Then again, you may find that connecting those dots isn’t so easy. Let’s face it—we’re writers, not accountants. To that end, I took the opportunity to ask for a few tax tips from Carol Topp, a certified public accountant and a writer. Carol is the author of an upcoming book, Business Tips and Taxes for Writers (Media Angels), which will provide nuts-and-bolts advice on topics such as income tax, sales tax, self-employment tax, tax deductions, financial planning, bookkeeping and — last but not least — mistakes that authors and publishers make. Here’s the Q&A with the C.P.A.

Q: What’s the best business (or tax) tip that, in your experience, most writers don’t seem to know?

A: Only one? Here’s one tip: Calling your writing a hobby — when you have been paid — can be detrimental to your pocketbook. In other words, you may be paying too much in income tax because, unlike a business, many expenses for hobbyists are not tax-deductible.

It's fairly easy to convert a hobby into a business. You simply have a profit motive and conduct your writing as a business — meaning you keep records, consult a professional when needed, and improve your knowledge in the area of writing, as a business owner would do.

Q: What’s the bottom line on the home office deduction? Is it an automatic red flag, or is there something in a tax filing that makes it become a red flag?

A: The I.R.S. does not reveal its algorithm for choosing tax returns to audit, but C.P.A.s know from experience that the home office deduction is frequently audited. So here’s a warning: excessive home office expenses without corresponding income can look very suspicious.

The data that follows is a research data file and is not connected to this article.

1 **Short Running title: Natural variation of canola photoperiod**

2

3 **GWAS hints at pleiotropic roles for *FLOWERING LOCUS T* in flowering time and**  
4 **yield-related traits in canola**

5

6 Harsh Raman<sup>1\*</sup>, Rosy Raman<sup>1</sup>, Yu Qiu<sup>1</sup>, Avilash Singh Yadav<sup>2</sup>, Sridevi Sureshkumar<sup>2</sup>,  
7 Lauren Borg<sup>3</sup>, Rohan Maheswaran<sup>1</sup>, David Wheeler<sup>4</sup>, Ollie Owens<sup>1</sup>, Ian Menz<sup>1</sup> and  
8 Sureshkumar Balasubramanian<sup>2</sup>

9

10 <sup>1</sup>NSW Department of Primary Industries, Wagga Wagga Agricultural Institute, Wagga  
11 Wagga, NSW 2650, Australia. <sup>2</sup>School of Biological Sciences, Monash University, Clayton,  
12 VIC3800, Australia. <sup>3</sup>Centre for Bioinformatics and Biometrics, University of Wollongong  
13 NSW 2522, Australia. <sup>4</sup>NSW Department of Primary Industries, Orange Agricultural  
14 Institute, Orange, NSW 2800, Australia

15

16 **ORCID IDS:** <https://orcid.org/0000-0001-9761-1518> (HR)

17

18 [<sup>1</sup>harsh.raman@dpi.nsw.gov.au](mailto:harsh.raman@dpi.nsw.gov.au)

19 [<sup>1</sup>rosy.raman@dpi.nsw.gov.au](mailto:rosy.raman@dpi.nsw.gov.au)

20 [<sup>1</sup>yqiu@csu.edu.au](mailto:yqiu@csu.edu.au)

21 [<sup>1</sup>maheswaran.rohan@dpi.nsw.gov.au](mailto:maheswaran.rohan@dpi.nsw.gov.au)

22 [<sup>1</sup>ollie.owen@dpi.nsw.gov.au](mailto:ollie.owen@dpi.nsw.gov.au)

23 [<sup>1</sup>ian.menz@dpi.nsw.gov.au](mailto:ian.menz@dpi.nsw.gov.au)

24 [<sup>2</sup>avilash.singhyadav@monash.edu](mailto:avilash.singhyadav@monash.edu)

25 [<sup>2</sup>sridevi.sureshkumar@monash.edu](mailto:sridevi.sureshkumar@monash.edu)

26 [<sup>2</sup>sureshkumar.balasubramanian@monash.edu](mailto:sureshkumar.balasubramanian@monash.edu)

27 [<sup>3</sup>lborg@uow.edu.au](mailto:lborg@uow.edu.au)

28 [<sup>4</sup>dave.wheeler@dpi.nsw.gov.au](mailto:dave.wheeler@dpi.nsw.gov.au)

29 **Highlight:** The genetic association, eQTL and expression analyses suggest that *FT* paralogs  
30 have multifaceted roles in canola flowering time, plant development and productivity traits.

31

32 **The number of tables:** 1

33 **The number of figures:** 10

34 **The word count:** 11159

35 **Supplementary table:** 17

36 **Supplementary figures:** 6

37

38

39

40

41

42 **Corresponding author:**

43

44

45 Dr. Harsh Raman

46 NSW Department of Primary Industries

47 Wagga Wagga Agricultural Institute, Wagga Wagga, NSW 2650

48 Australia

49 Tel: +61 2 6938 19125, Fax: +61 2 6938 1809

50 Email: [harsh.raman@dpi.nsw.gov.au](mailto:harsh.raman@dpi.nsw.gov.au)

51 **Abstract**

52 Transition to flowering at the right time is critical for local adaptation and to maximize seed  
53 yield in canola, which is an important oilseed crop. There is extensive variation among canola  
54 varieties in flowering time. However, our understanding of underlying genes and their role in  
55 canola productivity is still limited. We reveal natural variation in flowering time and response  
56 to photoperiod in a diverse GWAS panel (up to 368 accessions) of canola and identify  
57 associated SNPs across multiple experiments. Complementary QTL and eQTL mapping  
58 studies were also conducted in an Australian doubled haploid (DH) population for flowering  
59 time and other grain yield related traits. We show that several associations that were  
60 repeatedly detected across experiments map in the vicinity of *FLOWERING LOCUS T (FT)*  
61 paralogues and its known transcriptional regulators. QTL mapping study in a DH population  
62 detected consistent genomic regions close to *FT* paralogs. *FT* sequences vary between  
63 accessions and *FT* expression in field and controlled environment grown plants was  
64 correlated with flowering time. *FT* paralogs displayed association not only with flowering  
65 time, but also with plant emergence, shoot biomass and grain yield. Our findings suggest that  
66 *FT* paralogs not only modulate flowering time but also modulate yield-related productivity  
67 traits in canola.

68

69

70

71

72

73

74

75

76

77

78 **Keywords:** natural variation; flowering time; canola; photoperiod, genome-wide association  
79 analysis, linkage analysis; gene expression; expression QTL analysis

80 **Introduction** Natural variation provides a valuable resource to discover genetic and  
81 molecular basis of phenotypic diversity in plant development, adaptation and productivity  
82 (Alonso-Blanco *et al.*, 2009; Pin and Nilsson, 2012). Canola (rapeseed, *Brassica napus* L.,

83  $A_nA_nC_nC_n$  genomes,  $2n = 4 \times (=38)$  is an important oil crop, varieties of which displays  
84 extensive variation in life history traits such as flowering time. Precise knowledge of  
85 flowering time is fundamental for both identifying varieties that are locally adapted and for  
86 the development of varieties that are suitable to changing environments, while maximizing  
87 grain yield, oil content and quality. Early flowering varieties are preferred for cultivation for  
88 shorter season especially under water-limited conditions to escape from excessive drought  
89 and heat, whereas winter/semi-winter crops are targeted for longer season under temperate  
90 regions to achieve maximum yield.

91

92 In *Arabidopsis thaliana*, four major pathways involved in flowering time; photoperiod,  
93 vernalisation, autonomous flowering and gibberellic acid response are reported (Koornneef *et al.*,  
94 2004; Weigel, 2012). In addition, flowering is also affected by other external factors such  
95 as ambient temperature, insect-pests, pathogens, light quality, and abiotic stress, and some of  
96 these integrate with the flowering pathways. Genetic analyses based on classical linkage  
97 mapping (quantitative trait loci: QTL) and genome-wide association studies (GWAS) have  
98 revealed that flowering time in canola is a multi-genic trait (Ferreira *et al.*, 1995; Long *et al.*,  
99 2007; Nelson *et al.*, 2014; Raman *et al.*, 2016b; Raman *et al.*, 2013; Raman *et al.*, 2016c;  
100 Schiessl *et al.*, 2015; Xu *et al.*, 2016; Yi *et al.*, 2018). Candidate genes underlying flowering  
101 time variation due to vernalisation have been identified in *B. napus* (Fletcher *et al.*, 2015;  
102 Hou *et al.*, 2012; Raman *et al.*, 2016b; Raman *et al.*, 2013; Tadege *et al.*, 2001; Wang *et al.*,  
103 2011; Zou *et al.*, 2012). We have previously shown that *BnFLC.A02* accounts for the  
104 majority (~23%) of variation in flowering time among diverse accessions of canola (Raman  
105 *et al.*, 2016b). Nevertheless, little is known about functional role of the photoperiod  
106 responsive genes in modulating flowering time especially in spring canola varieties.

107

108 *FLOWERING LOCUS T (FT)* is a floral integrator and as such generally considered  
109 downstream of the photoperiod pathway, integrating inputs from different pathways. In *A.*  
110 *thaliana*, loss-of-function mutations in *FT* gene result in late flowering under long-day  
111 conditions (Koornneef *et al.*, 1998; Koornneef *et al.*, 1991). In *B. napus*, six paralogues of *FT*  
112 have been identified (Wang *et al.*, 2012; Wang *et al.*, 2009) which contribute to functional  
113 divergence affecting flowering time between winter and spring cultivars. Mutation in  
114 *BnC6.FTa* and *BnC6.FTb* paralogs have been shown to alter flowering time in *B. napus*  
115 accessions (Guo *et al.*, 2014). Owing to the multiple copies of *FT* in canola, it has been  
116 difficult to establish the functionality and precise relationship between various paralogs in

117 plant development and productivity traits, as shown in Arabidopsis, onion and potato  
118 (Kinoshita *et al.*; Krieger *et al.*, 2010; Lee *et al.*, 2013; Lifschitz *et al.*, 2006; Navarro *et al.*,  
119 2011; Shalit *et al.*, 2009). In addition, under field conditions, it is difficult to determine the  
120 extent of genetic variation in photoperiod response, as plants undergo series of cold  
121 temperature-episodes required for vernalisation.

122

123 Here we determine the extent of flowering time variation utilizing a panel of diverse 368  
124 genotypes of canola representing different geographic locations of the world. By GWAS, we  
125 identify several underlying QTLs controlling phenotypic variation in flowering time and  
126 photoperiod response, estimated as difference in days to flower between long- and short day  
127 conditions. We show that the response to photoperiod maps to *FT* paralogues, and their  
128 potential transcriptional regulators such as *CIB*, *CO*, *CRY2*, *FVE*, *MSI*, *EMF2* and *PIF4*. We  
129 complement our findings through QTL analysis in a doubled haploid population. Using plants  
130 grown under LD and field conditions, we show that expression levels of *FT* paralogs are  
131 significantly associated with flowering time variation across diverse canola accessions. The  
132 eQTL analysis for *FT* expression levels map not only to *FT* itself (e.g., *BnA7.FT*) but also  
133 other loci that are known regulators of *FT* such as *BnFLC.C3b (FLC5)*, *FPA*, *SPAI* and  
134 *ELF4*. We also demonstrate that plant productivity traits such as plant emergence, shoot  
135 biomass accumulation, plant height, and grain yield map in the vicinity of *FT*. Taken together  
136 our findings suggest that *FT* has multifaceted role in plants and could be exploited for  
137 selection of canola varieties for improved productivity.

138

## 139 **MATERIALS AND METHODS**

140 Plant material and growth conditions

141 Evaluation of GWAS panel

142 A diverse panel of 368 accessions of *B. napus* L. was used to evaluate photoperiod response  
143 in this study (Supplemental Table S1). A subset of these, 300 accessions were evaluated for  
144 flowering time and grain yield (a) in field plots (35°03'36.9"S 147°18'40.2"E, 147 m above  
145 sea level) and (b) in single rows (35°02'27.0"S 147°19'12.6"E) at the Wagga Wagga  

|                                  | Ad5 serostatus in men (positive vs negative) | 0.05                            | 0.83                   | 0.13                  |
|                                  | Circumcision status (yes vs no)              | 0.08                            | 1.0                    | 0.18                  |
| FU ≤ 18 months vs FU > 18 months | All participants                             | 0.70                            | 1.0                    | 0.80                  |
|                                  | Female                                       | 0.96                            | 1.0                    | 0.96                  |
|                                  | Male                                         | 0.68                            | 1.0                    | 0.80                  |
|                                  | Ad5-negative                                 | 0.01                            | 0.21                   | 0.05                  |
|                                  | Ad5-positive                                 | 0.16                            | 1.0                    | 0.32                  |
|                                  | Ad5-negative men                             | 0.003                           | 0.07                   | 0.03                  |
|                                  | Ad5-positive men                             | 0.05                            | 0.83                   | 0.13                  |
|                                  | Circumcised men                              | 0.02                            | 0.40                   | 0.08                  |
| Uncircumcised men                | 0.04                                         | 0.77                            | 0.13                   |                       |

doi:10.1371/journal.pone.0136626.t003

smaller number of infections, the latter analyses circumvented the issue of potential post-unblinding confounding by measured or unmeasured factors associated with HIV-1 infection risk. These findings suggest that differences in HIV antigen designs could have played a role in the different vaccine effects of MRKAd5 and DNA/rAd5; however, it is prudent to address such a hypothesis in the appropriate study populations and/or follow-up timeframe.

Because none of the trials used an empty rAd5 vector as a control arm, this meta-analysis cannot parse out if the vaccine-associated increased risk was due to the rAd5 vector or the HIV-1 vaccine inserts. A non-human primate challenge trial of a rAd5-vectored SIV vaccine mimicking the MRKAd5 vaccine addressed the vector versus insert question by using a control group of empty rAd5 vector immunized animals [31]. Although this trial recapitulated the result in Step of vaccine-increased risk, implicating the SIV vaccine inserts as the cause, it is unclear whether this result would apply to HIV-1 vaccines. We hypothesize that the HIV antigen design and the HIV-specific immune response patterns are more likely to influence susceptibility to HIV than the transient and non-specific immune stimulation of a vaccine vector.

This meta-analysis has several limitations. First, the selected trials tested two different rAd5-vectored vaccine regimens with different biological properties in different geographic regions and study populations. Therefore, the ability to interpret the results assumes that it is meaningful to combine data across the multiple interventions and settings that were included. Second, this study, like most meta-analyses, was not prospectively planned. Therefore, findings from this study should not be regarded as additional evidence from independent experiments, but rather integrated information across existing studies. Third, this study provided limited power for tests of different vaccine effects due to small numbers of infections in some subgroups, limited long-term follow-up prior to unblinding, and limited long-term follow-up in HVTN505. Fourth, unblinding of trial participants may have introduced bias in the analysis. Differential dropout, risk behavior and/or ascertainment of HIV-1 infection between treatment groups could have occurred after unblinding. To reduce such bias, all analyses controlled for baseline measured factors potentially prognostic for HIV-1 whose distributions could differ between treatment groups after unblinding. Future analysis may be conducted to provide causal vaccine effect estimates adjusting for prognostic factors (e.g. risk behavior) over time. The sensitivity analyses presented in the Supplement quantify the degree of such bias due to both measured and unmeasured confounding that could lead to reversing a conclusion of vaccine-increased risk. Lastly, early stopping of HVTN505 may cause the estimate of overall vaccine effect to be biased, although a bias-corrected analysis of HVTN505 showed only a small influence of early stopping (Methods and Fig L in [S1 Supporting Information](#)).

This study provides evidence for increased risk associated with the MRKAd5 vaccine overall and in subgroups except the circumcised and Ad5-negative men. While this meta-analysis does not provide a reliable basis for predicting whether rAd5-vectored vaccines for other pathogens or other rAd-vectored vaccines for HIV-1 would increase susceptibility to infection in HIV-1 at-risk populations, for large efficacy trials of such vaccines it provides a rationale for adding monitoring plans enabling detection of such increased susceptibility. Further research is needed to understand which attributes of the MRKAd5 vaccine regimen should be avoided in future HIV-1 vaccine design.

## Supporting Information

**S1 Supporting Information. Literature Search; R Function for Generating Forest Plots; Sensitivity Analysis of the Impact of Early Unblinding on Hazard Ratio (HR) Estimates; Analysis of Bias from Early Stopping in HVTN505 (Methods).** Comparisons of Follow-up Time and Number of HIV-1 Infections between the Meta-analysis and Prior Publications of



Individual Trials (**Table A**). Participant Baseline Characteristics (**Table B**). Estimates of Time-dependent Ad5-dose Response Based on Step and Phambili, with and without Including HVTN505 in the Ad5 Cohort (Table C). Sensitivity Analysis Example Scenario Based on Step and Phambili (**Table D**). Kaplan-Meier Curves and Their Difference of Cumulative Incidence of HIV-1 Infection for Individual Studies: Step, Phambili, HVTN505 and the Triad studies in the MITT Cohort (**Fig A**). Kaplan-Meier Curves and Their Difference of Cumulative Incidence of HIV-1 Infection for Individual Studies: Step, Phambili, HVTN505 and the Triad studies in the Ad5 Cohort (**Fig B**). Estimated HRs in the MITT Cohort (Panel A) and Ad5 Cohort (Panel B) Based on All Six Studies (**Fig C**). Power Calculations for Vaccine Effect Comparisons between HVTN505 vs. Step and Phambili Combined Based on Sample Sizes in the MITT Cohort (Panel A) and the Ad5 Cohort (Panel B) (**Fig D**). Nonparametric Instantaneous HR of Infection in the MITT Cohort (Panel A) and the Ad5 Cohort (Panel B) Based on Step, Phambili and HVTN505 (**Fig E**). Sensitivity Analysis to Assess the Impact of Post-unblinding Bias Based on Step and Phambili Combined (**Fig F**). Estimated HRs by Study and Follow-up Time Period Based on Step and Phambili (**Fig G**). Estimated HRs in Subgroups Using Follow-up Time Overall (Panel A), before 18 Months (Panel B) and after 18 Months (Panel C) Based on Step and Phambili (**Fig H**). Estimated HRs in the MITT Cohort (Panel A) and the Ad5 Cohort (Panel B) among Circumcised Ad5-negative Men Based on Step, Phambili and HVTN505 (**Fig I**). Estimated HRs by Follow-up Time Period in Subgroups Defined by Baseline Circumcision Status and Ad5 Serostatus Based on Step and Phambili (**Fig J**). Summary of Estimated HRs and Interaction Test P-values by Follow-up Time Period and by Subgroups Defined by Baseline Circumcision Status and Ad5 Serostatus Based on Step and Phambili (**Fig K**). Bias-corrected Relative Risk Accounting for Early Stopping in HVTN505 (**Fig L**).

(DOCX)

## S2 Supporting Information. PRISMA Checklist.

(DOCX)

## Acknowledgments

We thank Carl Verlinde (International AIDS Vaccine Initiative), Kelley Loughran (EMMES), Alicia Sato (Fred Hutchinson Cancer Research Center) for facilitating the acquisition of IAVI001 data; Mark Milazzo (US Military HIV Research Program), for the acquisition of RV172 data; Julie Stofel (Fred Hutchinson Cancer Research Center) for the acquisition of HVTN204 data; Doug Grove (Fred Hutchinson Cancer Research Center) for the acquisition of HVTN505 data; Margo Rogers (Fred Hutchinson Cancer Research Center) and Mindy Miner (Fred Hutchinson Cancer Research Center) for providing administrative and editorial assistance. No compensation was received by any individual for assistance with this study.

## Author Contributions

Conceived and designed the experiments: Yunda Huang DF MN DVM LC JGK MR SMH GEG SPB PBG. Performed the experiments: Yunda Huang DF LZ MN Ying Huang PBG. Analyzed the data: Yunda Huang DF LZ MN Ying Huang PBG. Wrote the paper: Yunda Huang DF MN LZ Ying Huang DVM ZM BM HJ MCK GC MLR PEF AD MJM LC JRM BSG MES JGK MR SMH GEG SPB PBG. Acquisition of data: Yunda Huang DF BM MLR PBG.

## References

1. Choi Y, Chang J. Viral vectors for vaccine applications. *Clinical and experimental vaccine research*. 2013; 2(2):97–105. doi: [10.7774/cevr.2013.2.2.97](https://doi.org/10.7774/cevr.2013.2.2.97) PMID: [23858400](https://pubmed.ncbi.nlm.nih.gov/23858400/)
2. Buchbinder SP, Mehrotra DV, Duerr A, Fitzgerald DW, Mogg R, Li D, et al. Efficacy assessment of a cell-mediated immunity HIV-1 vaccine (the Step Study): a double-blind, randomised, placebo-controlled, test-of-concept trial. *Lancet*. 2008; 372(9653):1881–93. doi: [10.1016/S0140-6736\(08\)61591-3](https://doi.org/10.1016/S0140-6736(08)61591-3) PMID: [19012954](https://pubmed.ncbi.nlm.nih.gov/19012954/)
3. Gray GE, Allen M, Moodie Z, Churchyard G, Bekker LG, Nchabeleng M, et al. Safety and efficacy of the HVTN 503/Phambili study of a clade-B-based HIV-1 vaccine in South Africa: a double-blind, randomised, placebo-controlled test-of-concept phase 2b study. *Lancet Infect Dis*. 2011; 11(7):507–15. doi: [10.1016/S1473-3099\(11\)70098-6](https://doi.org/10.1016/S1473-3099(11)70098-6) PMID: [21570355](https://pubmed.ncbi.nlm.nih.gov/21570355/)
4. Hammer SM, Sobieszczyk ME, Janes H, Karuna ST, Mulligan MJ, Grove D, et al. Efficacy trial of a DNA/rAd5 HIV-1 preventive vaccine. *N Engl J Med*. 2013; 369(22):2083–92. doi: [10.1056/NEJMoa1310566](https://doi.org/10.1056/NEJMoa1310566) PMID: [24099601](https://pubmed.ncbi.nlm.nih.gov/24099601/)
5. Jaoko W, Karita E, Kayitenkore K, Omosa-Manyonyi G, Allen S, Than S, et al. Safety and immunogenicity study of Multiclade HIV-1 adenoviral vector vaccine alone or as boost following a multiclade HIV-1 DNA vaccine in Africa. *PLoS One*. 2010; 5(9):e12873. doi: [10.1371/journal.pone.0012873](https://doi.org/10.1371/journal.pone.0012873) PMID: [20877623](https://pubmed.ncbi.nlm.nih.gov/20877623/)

Q: You make a distinction between a writer who’s a “hobbyist” and one who’s a “professional” (in a business sense). Let’s say the self-publishing hobbyist makes a nice $500 in one year and the professional makes a very nice $50,000 in a year from writing. Are these amounts fundamentally taxed differently, or is each writer taxed comparably for their income?

A: The income is not taxed differently, but the expenses are treated differently for a hobby than for a business.

A business can deduct necessary and ordinary expenses and reduce taxable income. A hobby must report all its income, but may be unable to deduct the related expenses due to limitations in the tax code. Hobby expenses are deducted on Schedule A itemized deductions under miscellaneous deductions, subject to a 2% of adjusted gross income threshold. This threshold means that a taxpayer can deduct miscellaneous deductions that are greater than 2% of their adjusted gross income.

For example, Mary has income of writing of $250. Mary’s only expenses related to this income are paper, ink, and postage of $50. Mary’s expenses can be deducted on her itemized deductions under miscellaneous deductions, subject to 2% of her adjusted gross income. As is common with many taxpayers, Mary’s expenses of $50 were too small to overcome the 2% threshold to be deductible. She received no tax deduction for her writing expenses, yet pays tax on all the income.